In Louisiana, a man has been sentenced to chemical castration as a consequence for his conviction of the rape of a juvenile. The ruling from an appellate court marks the first time that a Louisiana court has imposed such a measure, with the ruling sparking a debate about the efficacy of the punishment.
The man, whose identity has been protected due to his juvenile status, will receive injections of a drug called medroxyprogesterone acetate, which has been proven to reduce testosterone levels, leading to decreased libido and sexual functioning. Although the court did not mandate that the man receive the injections, it did state that a failure to do so could be considered a violation of his probation.
The ruling has been met with both support and criticism, with those in favor of the decision arguing that the punishment is more humane than imprisonment and will reduce the likelihood of the man committing a future offense. Opponents, however, have argued that the punishment is an undue violation of the man’s human rights and that it is unclear whether the injections will have any meaningful impact on recidivism rates.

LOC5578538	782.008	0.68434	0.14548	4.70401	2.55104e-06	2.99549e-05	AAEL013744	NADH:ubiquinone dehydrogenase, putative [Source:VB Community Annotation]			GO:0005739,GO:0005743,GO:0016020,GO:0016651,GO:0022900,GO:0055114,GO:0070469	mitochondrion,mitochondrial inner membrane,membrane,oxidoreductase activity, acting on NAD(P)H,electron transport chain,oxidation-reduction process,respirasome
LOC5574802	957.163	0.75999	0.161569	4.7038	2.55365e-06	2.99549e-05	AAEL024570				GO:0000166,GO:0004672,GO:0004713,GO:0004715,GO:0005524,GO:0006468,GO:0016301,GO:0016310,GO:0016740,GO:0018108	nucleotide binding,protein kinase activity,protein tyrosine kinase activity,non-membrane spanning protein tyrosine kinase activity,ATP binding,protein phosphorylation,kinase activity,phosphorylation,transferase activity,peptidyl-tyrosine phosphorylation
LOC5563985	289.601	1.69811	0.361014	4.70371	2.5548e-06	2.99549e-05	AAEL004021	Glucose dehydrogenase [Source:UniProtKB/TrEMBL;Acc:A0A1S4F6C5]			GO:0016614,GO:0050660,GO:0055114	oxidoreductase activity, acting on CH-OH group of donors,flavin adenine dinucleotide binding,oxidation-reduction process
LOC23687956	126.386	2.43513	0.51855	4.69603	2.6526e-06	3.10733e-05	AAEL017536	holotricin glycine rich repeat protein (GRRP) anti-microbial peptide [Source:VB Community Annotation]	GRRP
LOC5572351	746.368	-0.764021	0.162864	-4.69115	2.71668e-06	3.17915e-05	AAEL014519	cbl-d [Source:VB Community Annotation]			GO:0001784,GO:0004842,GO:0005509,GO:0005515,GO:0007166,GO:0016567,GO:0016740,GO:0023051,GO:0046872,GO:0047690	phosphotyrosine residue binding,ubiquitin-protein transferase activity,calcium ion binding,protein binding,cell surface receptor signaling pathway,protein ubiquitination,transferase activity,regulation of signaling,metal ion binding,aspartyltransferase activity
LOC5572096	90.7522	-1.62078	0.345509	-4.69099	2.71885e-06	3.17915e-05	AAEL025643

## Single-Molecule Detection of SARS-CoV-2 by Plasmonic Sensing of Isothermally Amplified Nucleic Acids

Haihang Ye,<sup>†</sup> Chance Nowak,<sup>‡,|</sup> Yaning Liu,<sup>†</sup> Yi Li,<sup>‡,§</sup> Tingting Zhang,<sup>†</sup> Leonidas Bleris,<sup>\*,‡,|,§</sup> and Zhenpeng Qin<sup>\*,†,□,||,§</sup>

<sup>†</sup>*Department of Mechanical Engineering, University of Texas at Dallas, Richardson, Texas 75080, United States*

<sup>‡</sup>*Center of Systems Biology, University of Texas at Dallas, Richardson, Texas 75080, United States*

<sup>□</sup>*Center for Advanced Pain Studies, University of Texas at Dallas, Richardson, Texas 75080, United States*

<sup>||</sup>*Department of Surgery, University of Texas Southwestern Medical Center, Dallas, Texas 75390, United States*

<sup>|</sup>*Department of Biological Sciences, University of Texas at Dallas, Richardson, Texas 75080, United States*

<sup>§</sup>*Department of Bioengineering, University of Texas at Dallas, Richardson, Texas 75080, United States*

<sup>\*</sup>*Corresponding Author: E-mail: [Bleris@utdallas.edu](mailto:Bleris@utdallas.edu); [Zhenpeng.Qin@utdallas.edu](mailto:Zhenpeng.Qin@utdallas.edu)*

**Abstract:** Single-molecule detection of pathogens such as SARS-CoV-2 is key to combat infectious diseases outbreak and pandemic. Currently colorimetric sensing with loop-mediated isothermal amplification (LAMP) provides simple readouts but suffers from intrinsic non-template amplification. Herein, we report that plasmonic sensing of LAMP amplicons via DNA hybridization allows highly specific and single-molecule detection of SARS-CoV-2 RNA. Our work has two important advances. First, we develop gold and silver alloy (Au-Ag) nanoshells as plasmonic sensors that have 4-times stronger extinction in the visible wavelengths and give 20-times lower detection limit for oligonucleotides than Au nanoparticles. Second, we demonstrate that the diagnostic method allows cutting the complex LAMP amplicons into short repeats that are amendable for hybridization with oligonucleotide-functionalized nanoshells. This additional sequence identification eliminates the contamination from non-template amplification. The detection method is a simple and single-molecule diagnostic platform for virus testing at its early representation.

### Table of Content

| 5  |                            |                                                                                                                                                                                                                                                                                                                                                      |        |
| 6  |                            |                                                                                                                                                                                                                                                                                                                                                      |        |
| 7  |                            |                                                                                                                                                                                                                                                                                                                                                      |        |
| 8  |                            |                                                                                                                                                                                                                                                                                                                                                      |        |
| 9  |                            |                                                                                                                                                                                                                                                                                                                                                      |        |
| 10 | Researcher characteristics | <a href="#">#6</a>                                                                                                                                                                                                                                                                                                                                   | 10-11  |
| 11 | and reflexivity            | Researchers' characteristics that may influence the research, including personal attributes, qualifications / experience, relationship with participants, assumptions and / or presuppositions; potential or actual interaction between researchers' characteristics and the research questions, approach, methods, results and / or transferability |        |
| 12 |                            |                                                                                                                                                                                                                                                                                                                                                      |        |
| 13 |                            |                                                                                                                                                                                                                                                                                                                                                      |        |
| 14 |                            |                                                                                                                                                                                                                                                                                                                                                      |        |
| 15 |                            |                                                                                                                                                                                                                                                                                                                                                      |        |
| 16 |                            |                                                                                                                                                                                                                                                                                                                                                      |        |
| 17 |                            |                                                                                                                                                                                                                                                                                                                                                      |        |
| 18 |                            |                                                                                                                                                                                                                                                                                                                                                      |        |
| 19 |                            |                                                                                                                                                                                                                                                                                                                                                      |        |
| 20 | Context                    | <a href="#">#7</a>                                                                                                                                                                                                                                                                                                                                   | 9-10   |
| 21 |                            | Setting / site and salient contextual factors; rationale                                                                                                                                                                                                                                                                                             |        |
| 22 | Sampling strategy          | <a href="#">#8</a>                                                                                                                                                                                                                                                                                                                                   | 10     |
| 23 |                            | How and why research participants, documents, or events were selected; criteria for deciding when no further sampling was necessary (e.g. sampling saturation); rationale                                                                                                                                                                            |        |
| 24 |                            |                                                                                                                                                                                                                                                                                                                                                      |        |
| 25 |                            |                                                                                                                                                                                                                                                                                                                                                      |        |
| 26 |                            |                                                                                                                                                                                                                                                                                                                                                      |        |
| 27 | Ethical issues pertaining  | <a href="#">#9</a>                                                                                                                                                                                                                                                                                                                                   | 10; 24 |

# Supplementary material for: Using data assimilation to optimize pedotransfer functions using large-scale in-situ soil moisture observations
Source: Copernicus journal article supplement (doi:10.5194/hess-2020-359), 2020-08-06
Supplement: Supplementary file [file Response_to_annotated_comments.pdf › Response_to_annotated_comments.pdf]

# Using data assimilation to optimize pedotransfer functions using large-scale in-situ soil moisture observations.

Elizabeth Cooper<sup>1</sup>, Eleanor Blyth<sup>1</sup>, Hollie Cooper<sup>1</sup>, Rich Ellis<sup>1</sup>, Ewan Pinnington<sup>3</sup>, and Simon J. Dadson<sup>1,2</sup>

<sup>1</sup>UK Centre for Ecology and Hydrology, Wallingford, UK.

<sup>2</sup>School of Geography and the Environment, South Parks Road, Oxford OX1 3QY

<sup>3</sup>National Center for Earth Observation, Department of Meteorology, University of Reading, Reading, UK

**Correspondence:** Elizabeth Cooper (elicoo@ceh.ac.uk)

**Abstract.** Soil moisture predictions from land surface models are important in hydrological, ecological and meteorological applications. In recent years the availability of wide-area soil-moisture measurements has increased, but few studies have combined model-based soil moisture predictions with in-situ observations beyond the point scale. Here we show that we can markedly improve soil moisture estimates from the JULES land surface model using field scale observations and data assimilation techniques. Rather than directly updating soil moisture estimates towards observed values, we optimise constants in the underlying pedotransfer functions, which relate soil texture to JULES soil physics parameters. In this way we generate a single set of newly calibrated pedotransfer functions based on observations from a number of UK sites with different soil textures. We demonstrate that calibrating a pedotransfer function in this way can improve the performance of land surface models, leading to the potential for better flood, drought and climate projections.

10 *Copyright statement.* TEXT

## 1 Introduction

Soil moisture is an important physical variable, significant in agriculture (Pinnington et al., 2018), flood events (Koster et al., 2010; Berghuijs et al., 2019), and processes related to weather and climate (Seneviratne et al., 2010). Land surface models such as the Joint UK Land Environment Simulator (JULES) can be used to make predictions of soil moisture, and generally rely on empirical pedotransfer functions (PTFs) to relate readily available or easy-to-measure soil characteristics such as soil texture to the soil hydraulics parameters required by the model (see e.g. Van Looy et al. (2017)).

The issue of chemical castration is a contentious one, and the Louisiana ruling has thrust the debate into the public eye. It will be interesting to see how the court’s decision impacts the debate and whether other states will follow suit.
In Louisiana, a contentious ruling has been handed down by an appellate court, mandating that a juvenile who was convicted of rape receive chemical castration. For the first time in the state, a man is to be administered injections of medroxyprogesterone acetate, a drug that has been demonstrated to reduce testosterone levels, thus diminishing libido and sexual functioning. Although the court did not necessitate the injections, it specified that a refusal to comply could be interpreted as a violation of probation.
The response to the ruling has been mixed, with proponents of the decision asserting that it is more humane than imprisonment and might inhibit the offender from reoffending. Conversely, detractors have contended that such a punishment infringes upon the individual’s human rights, and there is no conclusive evidence that the injections will lead to a decrease in recidivism.
The present ruling is likely to have an influence on the discourse surrounding chemical castration, and it will be intriguing to observe if other states decide to follow suit. The resolution of this debate will have a resounding effect on the judicial systems of the United States.